I’ve been thinking about what exactly sin is, lately, and struggling to find a good definition for it. Working in secular academia, especially in medical science, I’ve noticed a major definition for “sin” revolving around a preoccupation with physical wellness: that if something damages your health or the health of those around you, it’s wrong and you should either not do it or make some sort of atonement for it. In my own life, growing up as a perfectionist, I tended to operate with the attitude that a social mistake or an academic failure was a sin – getting a B on a test or being ignorant of something I thought I should have known could send me into a tailspin for days, until I could somehow work my way back to “perfection.”
Obviously, I don’t think either of those are the Christian understanding of sin. And I’m left feeling like there’s something lacking with the simple definition of sin as “disobedience to God,” as true as that is. There are just so many situations in which God hasn’t given explicit instructions, but in which one choice may be completely or partially sinful nonetheless.
One thought I had recently was of defining sin teleologically; that is, that maybe some things are sinful because they are contrary to our design as human creatures. It would explain why something like drunkenness is always considered sinful in a traditional Christian morality, while in our modern culture it is considered ok unless your drunk behavior endangers or hurts someone else: it runs contrary to our purpose as human beings to surrender control of our beings to anything other than God (see Eph. 5:18). This also has been helping me understand a lot of the reasoning behind historical Christian sexual ethics, including the prohibition of contraceptives, because I think they are based on this teleological reasoning as well. Things are sinful if they violate the created purpose of the human person committing the act, or of the act itself. So, in this test case, what is the purpose of the act of sex? What is the purpose of the human person with regards to sex? Those are the questions to ask when wondering why something specific is (or was historically) considered sinful by Christianity – and I think different answers to those questions will necessarily lead to divergent ethical systems.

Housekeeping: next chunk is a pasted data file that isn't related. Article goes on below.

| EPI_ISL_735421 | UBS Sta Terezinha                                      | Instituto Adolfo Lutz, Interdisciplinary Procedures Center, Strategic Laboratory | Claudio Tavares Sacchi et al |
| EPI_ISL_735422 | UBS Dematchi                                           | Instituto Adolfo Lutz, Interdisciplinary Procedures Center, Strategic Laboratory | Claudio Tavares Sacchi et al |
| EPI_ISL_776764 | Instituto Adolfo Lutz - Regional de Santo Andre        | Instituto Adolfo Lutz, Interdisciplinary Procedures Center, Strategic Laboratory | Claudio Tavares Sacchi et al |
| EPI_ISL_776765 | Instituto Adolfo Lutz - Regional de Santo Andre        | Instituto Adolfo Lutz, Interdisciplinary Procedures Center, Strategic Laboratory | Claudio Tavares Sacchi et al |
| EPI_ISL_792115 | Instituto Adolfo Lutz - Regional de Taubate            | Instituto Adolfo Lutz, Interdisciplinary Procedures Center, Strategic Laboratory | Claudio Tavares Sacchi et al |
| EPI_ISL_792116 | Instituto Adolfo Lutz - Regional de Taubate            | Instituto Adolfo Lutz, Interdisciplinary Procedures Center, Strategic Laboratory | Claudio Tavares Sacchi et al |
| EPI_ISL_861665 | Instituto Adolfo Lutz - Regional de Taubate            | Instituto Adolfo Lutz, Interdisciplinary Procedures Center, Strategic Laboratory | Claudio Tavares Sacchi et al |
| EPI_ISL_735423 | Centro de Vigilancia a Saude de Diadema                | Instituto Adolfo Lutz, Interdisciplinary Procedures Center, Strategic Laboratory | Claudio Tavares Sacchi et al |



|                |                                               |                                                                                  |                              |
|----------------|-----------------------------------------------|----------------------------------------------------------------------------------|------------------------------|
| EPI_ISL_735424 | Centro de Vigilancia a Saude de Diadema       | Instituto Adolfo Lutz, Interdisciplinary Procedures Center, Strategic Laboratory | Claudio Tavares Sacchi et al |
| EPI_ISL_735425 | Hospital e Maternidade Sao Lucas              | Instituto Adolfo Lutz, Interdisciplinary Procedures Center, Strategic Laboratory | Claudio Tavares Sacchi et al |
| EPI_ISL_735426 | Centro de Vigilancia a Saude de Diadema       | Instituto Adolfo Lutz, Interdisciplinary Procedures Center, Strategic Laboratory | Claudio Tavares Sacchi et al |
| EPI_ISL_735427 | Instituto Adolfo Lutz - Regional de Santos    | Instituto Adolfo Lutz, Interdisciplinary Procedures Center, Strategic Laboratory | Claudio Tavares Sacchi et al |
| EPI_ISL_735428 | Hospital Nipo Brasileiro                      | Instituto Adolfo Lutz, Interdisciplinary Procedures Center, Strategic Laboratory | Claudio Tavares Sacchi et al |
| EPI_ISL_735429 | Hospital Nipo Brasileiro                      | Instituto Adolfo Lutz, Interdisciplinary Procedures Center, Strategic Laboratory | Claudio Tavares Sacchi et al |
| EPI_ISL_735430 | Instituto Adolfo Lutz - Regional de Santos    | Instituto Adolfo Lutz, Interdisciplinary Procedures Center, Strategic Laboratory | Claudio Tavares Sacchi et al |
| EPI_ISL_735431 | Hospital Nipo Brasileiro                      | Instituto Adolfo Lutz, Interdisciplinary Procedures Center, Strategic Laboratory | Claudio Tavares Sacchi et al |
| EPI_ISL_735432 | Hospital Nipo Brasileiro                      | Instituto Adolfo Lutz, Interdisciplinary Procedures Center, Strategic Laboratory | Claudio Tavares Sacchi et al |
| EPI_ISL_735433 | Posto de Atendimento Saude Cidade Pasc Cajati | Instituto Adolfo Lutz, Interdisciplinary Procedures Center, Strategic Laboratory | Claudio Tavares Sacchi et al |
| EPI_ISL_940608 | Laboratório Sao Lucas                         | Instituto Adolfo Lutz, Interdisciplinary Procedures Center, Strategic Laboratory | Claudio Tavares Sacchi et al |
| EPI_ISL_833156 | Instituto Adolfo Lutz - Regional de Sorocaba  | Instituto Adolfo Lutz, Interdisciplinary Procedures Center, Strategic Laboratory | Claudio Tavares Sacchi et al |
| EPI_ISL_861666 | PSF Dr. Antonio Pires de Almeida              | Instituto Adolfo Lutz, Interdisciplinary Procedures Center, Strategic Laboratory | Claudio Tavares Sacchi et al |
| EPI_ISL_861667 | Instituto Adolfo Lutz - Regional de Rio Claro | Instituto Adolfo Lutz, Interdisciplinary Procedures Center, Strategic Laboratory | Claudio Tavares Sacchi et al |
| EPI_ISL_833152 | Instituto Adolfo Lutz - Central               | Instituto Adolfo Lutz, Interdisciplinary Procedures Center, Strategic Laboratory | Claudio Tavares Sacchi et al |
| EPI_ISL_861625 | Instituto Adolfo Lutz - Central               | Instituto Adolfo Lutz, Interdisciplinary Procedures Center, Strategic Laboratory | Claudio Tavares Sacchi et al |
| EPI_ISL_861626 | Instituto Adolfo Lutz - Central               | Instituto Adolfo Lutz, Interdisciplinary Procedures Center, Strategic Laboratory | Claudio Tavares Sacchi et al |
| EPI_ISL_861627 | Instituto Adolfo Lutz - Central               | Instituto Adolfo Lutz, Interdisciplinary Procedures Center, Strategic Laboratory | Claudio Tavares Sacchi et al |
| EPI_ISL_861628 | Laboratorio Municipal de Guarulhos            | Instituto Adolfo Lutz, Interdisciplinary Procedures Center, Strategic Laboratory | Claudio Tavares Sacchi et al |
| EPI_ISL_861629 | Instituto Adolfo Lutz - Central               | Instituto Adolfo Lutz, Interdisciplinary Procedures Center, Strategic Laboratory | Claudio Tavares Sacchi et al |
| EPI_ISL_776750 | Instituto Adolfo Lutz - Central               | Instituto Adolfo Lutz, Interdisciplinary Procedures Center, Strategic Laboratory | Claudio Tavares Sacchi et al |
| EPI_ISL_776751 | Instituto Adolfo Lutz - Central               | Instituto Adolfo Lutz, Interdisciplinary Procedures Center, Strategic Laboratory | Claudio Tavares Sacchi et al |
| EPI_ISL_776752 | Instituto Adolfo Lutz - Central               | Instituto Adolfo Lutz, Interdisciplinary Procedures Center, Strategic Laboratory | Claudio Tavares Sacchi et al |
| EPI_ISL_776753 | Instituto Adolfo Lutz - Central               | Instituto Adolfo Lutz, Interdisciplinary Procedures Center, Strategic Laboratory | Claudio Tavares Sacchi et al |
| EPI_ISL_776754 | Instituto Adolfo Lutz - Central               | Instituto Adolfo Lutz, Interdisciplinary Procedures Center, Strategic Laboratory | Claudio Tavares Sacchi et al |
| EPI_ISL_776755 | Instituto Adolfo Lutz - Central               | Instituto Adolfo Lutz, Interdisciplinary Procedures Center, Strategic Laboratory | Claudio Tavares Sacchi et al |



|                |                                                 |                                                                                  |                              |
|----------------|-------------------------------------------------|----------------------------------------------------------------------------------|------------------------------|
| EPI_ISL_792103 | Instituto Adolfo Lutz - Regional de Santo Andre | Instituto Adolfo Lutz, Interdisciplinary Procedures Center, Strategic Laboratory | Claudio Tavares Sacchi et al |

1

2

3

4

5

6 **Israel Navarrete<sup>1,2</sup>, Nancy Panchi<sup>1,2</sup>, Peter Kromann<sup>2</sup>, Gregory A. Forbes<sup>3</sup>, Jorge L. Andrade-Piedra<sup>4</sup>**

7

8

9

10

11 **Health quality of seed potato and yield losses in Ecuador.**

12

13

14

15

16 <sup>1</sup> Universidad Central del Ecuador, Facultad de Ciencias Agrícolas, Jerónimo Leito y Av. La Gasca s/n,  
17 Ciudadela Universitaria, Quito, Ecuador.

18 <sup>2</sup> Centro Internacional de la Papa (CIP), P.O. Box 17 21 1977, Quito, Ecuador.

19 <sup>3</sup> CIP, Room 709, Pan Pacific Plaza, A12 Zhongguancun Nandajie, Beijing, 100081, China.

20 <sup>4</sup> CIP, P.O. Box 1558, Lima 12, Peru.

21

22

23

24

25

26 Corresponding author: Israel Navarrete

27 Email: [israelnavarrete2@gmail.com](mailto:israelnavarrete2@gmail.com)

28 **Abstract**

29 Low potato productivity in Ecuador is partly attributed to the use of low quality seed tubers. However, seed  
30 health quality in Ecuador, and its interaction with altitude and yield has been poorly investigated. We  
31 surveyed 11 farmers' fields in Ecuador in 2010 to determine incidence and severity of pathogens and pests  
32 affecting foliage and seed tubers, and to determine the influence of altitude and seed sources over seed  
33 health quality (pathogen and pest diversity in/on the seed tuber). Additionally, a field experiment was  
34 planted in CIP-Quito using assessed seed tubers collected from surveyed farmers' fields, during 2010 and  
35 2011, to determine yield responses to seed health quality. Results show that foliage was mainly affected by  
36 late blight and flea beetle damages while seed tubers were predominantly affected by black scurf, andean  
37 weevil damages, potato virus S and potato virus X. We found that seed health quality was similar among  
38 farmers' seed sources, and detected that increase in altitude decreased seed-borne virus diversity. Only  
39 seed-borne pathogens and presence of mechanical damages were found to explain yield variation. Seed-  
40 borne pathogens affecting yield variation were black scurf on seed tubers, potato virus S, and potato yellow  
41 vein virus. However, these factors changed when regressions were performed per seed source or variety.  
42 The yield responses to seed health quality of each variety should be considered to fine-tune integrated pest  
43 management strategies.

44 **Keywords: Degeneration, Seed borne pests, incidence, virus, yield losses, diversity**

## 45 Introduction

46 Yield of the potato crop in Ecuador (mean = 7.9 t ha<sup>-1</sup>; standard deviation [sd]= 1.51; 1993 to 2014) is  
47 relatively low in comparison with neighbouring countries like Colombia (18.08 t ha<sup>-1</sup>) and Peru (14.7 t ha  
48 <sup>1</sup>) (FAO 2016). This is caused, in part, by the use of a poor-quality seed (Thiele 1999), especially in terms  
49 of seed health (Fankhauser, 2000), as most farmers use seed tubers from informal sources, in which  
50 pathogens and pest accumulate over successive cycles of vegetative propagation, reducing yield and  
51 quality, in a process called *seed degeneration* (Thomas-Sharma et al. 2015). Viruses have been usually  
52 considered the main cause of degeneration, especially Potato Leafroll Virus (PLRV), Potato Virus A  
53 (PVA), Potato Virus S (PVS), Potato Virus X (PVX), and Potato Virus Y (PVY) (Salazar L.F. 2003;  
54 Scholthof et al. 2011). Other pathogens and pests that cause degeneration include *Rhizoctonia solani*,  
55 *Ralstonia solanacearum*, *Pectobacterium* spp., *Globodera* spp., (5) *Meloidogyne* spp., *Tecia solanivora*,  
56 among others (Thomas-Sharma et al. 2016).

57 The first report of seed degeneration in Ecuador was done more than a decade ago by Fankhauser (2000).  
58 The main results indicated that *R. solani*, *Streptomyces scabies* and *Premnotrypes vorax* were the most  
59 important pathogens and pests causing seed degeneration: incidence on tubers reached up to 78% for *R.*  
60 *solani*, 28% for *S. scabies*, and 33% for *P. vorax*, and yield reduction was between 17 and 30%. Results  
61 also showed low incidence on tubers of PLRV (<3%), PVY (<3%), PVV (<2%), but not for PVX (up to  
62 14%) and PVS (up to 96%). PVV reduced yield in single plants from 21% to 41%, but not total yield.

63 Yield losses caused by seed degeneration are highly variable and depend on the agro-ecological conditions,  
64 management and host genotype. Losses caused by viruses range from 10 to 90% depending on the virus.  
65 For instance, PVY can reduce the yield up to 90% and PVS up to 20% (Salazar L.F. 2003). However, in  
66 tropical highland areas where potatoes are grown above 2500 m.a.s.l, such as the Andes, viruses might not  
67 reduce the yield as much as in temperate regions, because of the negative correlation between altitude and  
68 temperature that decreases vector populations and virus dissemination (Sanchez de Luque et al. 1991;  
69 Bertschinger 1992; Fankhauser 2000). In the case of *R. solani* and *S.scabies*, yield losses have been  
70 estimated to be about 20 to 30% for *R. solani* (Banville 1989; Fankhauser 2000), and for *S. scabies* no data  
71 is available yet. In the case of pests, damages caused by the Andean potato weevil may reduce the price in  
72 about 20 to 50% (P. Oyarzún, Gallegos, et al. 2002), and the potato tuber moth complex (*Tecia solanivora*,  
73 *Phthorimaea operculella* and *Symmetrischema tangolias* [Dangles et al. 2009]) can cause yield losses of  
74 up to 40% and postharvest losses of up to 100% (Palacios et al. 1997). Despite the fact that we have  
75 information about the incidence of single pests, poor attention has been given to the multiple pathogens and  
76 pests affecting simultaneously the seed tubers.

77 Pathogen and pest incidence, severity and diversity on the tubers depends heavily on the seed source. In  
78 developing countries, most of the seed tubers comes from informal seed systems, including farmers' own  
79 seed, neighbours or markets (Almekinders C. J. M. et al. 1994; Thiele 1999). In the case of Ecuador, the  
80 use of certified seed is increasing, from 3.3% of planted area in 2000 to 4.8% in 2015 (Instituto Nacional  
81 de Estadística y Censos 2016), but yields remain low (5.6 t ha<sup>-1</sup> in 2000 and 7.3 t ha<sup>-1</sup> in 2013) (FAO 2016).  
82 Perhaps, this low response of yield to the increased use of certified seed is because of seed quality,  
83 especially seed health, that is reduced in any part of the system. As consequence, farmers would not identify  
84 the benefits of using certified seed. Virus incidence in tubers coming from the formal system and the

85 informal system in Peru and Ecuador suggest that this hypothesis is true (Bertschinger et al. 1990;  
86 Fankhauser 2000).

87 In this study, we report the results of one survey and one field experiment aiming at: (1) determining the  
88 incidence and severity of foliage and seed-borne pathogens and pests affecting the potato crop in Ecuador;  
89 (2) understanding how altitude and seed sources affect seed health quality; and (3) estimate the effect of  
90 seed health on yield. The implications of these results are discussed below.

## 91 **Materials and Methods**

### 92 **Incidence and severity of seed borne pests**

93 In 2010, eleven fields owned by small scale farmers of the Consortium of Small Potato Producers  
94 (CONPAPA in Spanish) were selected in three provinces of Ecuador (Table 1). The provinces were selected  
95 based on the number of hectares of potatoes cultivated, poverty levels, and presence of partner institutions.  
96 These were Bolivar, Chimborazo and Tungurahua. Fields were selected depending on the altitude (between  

That teleological question also opens wide the door of self-examination and conviction, while also giving me a way to evaluate feelings of guilt to determine if there is really a sin issue at play. When I forget to make dinner plans, for instance, that is a mistake that I have to apologize to my family for (especially if we’re out of leftovers!), and find a way to work around, but it’s not a sin – it’s simply a weakness inherent in being a non-omniscient creature! On the other hand, when I lose my patience with my boys and snap at them about some small irritant, that is something I both have to apologize for and repent of before God, because it is a symptom of my fallen and sinful state. It is contrary to the purpose and design with which He created me, and someday, when God has fully sanctified me, that impatience will be gone; the forgetfulness about daily chores may not be 😉
I suppose if this becomes my working definition for sin, my new point of argument/difference with people has to move up to what exactly they think human beings are: what is our purpose, what is our design? Are we intended for certain things, or not? If our ethics is founded on our teleology, we’ll have to examine much more deeply what the Bible actually teaches about who we are and who we’re meant to be – which wouldn’t be a bad thing at all.